The brown eyes looking down at her.
The shock of dark hair.
She lashed out, her fingernails raking his cheek as she found her voice and screamed. She tried to twist away from him, but something was wrong with her body—she couldn’t move her legs.
She screamed again and again, and after what seemed an eternity, during which she was certain she was about to die, help appeared.
Abruptly, the figure above her was pulled away, and a moment later she was surrounded by people. Two transit policemen asked her what had happened, but by then the agony was already overwhelming, and as she saw two more cops dragging the man away, she drifted into unconsciousness.
When she woke up again, she was in a hospital.
They brought her pictures of a dozen men when she was well enough.
She recognized him immediately.
She would never forget him.
“I want to be there,” she said now, as another image of Jeff Converse appeared on the television screen. “When the judge sentences him, I want to be there.”
“You don’t have to, Cindy,” Bill replied, but Cindy Allen was determined.
“I want to see him. I want to see the fear in his eyes.” Without waiting for Bill to help her, she began working her broken body out of the bed and into the wheelchair that stood next to it. “He deserves to die,” she said. “And the scariest part is, I wish I could watch them kill him.”
carolyn randall felt the tension in her expensively decorated breakfast room as the newscaster finished her story on the sentencing of Jeff Converse. When Jeff’s face first appeared on the screen, she’d instinctively reached for the remote control, but not quickly enough. The blond newscaster—who Carolyn was almost certain had been flirting with her husband at a Cancer Society benefit two weeks ago—had already spoken Jeff’s name, and both Carolyn’s husband and her stepdaughter had immediately turned to look.
“Why do you two insist on watching every report about this awful thing?” she demanded when the newscast cut to a commercial. “It’ s over. You’ve got to let it go.”
“It’s not over,” Heather replied without hesitation, her voice tinged with anger. “It won’t be over until they let Jeff go.”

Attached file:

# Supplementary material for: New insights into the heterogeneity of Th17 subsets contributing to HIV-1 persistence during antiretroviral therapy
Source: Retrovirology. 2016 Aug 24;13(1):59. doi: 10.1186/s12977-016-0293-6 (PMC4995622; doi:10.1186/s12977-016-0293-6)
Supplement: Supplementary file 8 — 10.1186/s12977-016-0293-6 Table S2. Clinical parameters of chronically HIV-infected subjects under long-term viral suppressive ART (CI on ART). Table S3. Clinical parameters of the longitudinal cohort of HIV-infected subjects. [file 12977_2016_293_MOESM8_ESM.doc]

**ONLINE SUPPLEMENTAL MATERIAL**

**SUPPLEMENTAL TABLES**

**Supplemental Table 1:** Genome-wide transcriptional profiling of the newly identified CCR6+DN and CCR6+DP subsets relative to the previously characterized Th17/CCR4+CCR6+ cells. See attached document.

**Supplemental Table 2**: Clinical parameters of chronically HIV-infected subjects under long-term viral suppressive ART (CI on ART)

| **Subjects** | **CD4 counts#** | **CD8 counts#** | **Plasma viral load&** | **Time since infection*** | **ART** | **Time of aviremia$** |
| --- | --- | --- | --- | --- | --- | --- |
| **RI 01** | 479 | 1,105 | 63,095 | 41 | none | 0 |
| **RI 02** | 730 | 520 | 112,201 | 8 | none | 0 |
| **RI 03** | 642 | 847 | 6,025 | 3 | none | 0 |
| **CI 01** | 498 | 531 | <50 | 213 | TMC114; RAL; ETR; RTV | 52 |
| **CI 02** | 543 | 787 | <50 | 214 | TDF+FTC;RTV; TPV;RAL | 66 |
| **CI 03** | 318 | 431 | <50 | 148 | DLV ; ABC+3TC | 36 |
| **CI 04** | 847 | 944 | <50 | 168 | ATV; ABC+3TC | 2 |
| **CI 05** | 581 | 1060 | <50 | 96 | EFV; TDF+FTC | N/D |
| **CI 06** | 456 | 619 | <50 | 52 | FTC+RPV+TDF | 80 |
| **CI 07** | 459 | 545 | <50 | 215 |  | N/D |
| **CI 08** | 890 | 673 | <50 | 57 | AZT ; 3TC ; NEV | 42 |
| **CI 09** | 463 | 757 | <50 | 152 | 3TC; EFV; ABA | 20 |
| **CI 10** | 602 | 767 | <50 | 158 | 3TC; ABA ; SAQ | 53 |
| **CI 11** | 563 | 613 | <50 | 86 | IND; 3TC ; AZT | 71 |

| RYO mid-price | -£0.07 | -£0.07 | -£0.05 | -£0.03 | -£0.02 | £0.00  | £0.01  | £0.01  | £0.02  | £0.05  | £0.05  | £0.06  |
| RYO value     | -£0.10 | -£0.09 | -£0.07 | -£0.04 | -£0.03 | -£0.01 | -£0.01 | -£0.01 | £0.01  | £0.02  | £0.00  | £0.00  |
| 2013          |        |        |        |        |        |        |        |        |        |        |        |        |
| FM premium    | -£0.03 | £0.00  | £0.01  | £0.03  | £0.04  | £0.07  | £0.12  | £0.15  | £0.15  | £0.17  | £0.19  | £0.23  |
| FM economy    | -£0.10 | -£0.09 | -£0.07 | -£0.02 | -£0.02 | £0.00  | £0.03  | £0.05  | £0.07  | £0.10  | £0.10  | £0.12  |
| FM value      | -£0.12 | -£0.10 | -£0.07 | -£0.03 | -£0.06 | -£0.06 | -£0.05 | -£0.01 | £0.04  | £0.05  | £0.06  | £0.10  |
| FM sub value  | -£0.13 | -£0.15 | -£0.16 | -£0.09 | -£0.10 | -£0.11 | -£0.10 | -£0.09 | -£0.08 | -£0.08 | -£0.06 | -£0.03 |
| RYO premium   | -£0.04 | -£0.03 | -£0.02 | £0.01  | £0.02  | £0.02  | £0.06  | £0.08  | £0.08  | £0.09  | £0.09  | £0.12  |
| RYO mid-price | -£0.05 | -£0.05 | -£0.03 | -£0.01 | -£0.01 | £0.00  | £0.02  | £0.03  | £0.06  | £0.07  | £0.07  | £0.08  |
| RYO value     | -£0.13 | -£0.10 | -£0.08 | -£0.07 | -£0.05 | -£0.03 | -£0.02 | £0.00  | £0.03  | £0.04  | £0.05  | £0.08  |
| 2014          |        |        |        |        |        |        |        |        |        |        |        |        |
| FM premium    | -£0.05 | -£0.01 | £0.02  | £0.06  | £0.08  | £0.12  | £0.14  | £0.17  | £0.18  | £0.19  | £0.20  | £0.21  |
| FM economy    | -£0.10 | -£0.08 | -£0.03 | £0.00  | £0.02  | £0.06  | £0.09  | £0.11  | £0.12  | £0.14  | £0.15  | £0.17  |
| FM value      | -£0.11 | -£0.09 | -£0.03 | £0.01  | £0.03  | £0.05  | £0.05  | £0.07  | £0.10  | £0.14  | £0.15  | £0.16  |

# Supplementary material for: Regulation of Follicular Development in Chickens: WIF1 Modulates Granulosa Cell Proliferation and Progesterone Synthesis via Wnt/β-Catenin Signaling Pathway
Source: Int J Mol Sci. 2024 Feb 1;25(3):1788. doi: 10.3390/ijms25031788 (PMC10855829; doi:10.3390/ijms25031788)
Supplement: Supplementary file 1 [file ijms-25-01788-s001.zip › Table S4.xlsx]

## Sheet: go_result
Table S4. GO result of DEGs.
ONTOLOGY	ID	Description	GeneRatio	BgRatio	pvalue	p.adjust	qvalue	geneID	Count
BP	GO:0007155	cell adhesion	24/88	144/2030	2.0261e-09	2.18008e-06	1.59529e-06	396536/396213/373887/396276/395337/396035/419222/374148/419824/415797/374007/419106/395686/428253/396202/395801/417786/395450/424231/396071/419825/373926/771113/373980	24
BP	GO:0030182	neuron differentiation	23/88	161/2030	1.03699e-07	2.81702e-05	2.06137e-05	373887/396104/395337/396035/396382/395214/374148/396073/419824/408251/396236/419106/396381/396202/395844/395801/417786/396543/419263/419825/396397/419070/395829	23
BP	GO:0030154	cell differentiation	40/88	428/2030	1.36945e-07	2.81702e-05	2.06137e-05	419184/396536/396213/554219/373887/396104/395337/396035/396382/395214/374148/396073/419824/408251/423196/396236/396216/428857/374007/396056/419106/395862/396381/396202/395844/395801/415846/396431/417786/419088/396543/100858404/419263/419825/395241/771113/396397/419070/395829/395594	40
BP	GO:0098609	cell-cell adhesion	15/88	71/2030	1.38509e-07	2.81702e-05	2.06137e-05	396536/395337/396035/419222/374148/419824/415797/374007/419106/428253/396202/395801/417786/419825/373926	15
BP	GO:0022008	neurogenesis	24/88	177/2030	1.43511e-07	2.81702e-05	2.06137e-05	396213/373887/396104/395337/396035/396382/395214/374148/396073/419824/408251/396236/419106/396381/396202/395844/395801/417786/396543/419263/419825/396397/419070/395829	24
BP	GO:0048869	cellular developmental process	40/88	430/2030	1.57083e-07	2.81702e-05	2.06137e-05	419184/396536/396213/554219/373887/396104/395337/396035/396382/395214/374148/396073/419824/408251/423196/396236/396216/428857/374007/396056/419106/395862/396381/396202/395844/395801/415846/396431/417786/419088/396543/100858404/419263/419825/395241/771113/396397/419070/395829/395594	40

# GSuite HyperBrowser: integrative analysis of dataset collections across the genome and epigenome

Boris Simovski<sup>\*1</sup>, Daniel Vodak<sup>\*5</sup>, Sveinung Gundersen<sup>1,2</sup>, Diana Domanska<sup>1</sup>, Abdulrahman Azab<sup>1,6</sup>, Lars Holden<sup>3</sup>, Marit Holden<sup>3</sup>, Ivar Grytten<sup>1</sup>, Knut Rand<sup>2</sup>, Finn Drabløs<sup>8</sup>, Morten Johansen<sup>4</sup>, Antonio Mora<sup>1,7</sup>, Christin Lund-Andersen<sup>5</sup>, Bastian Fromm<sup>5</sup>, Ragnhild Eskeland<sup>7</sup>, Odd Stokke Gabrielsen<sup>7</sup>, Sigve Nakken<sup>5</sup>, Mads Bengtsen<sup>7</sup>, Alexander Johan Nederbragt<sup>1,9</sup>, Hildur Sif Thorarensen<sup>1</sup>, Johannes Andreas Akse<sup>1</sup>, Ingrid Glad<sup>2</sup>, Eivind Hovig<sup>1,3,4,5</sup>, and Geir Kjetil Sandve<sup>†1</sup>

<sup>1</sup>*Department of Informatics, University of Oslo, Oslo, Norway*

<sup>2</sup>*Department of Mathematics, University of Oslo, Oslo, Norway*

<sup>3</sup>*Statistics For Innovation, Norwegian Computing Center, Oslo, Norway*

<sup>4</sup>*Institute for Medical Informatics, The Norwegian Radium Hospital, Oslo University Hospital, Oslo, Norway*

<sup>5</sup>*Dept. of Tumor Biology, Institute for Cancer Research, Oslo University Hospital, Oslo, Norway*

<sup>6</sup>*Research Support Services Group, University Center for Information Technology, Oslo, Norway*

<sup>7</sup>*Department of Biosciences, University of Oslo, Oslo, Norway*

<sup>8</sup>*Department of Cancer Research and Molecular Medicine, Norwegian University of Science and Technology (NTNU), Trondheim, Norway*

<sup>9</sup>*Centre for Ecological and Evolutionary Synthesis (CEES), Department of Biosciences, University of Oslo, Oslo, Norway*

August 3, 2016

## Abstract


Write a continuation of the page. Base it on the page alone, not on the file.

“ ‘They,’ as you put it, are not going to let him go unless he’s innocent,” Perry Randall said in a condescending tone, which Heather recognized as one he ordinarily reserved for dim witnesses who were ignorant of the facts. “And since he is not innocent, I don’t think that is going to happen.”
“You don’t know—” Heather began, but her father cut her off before she could finish.
“I know the facts of the case,” he reminded her. “I saw the police report after Converse was arrested, and though I recused myself from the case for obvious reasons, that does not mean I didn’t review it carefully.” He saw in the way his daughter’s jaw set that his arguments would be no more persuasive this morning than they had been on any other day since Jeff Converse had been apprehended at the scene of the assault on Cynthia Allen. His own stubborn streak now revealed itself. “I know how you feel, Heather, but if feelings were allowed to rule our courts, our prisons would be empty. There isn’t a man on Rikers Island—or anywhere else, I suspect—who doesn’t have a girlfriend who swears he’s innocent.”
“But Jeff is innocent!” Heather flared. “Daddy, you must know he’s not capable of what he’s accused of doing!”
Perry Randall’s left eyebrow arched. “No, Heather, I really don’t know him.”
Heather felt she was choking on the stream of furious words rising in her throat, but held them in. What was the point of arguing with her father now? His mind was made up—had been made up since the moment she’d called him after Jeff’s arrest.
She had called him in the hope—no, in the certainty—that he’d be able to talk to someone and straighten everything out. Now she realized she should have known better. Hadn’t it been her father’s cool, analytical responses to nearly every emotional issue that ever came up that had finally driven her mother away? Still, she hadn’ t been prepared for his response to her request for help:
“I want you to come home immediately,” he’d told her. “The last thing I need right now—”
“You need?” she’ d retorted. “Daddy, Jeff’s in jail!”